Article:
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The Call of Cthulhu

Of such great powers or beings there may be conceivably a
survival... a survival of a hugely remote period when...
consciousness was manifest, perhaps, in shapes and forms
long since withdrawn before the tide of advancing
humanity... forms of which poetry and legend alone have
caught a flying memory and called them gods, monsters,
mythical beings of all sorts and kinds...


The most merciful thing in the world, I think, is the inability
of the human mind to correlate all its contents. We
live on a placid island of ignorance in the midst of black seas
of infinity, and it was not meant that we should voyage far.
The sciences, each straining in its own direction, have
hitherto harmed us little; but some day the piecing together
of dissociated knowledge will open up such terrifying vistas
of reality and of our frightful position therein, that we shall
either go mad from the revelation or flee from the deadly
light into the peace and safety of a new dark age.

Theosophists have guessed at the awesome grandeur of
the cosmic cycle wherein our world and human race form
transient incidents. They have hinted at strange survival in
terms which would freeze the blood if not masked by a
bland optimism. But it is not from them that there came the
single glimpse of forbidden aeons which chills me when I
think of it and maddens me when I dream of it. That glimpse,
like all dread glimpses of truth, flashed out from an
accidental piecing together of separated things - in this case
an old newspaper item and the notes of a dead professor. I
hope that no one else will accomplish this piecing out;
certainly, if I live, I shall never knowingly supply a link in so
hideous a chain. I think that the professor, too, intended to
keep silent regarding the part he knew, and that he would
have destroyed his notes had not sudden death seized him.

My knowledge of the thing began in the winter of 1926-7
with the death of my great-uncle, George Gammell Angell,
Professor Emeritus of Semitic Languages in Brown University
Providence, Rhode Island. Professor Angell was widely
known as an authority on ancient inscriptions, and had
frequently been resorted to by the heads of prominent
museums so that his passing at the age of ninety-two may be
recalled by many. Locally, interest was intensified by the
obscurity of the cause of death. The professor had been
stricken whilst returning from the Newport boat; falling
suddenly, as witnesses said, after having been jostled by a
nautical-looking negro who had come from one of the queer
dark courts on the precipitous hillside which formed a short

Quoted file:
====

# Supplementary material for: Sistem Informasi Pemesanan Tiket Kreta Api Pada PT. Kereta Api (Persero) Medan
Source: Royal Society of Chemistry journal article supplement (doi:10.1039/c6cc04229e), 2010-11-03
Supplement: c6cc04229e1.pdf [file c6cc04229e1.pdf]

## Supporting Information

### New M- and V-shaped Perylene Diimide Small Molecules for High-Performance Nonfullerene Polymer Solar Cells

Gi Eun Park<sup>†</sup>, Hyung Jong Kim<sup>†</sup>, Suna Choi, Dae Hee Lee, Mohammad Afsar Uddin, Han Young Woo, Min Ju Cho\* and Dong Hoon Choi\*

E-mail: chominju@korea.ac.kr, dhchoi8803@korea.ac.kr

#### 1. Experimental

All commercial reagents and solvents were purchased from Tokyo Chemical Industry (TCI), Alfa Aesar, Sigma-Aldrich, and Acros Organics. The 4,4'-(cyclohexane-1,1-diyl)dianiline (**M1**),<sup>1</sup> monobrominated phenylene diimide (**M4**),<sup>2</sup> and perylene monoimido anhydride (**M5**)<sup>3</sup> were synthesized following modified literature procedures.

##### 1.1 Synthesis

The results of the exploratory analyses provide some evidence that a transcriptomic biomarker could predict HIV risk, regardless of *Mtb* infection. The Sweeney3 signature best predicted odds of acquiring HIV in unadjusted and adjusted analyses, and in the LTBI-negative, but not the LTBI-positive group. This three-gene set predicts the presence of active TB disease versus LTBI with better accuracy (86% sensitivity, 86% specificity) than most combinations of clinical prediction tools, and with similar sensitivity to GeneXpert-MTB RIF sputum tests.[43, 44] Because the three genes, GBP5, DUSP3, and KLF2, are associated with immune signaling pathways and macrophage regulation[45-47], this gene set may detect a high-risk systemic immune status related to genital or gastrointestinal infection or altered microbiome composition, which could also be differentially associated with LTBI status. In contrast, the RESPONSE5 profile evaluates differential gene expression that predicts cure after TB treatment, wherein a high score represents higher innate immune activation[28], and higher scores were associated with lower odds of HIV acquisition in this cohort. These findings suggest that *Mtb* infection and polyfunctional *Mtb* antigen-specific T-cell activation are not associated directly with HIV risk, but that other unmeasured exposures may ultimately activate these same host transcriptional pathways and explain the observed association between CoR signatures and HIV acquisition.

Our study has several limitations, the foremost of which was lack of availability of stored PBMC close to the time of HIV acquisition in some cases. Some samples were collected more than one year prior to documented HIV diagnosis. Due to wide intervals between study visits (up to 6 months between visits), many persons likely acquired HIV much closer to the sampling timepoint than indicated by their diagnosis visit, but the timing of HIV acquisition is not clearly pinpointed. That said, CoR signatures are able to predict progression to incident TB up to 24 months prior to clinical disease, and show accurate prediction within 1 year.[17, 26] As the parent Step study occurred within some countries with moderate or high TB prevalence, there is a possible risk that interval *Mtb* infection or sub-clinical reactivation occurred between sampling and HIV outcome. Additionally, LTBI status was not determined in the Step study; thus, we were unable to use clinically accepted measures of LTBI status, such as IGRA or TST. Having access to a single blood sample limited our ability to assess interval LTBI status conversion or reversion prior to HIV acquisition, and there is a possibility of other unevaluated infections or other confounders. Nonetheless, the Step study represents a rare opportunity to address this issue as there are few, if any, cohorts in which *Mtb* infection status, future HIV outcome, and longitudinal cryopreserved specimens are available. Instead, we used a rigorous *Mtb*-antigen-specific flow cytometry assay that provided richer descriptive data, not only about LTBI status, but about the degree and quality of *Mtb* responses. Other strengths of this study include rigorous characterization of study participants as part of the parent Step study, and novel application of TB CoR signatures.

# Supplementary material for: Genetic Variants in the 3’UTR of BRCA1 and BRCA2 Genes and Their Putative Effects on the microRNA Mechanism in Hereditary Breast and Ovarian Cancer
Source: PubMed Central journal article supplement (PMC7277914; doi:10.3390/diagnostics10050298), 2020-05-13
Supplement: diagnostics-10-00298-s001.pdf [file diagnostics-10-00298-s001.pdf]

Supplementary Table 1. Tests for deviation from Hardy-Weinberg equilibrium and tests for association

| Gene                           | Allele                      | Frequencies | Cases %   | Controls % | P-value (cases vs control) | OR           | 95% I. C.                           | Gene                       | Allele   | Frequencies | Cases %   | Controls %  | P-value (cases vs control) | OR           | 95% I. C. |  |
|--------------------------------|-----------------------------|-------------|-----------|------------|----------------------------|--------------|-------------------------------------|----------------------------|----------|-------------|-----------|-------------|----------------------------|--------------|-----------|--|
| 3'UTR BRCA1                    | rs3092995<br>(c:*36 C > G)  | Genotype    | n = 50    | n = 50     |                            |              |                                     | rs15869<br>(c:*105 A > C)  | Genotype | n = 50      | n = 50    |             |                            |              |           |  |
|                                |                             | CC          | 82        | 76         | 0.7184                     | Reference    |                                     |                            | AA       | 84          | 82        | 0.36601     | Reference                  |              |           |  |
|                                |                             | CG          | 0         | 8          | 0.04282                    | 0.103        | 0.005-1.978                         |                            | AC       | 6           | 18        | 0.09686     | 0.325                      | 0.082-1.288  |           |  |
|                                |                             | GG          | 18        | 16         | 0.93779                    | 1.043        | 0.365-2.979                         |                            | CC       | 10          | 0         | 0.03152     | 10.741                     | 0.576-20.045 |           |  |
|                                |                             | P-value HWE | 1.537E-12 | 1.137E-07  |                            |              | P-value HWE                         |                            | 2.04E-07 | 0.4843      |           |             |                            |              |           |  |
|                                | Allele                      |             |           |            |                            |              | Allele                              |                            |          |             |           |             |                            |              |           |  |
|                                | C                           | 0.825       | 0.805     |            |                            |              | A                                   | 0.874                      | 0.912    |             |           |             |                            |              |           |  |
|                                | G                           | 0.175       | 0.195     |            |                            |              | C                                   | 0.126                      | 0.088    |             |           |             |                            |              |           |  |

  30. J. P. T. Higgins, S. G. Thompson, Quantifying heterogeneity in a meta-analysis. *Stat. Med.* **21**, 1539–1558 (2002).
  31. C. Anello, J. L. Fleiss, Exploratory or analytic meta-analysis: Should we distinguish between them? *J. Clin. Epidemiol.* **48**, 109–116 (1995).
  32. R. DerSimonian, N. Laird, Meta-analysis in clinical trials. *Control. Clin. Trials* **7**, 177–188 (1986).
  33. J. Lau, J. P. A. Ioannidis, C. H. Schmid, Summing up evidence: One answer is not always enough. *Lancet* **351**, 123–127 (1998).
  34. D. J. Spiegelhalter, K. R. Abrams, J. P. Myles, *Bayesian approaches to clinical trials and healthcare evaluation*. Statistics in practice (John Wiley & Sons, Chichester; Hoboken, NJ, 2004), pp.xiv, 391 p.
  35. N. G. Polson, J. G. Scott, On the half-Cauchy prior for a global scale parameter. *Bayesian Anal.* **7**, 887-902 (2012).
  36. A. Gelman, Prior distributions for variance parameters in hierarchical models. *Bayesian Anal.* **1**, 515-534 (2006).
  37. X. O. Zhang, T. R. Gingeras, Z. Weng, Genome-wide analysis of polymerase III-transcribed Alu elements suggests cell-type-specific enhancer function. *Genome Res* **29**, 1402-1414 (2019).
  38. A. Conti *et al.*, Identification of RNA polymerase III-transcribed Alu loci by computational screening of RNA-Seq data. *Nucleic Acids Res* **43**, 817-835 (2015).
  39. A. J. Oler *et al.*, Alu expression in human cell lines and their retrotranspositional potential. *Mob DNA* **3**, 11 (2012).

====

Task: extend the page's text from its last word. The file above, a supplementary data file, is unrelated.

cut from the waterfront to the deceased's home in Williams
Street. Physicians were unable to find any visible disorder,
but concluded after perplexed debate that some obscure
lesion of the heart, induced by the brisk ascent of so steep a
hill by so elderly a man, was responsible for the end. At the
time I saw no reason to dissent from this dictum, but latterly
I am inclined to wonder - and more than wonder.

As my great-uncle's heir and executor, for he died a
childless widower, I was expected to go over his papers with
some thoroughness; and for that purpose moved his entire set
of files and boxes to my quarters in Boston. Much of the
material which I correlated will be later published by the
American Archaeological Society, but there was one box
which I found exceedingly puzzling, and which I felt much
averse from showing to other eyes. It had been locked, and I
did not find the key till it occurred to me to examine the
personal ring which the professor carried always in his
pocket. Then, indeed, I succeeded in opening it, but when I
did so seemed only to be confronted by a greater and more
closely locked barrier. For what could be the meaning of the
queer clay bas-relief and the disjointed jottings, ramblings
and cuttings which I found? Had my uncle, in his latter
years, become credulous of the most superficial impostures?
I resolved to search out the eccentric sculptor responsible for
this apparent disturbance of an old man's peace of mind.
The bas-relief was a rough rectangle less than an inch
thick and about five by six inches in area; obviously of
modern origin. Its designs, however, were far from modern
in atmosphere and suggestion; for, although the vagaries of
cubism and futurism are many and wild, they do not often
reproduce that cryptic regularity which lurks in prehistoric
writing. And writing of some kind the bulk of these designs
seemed certainly to be; though my memory, despite much
familiarity with the papers and collections of my uncle, failed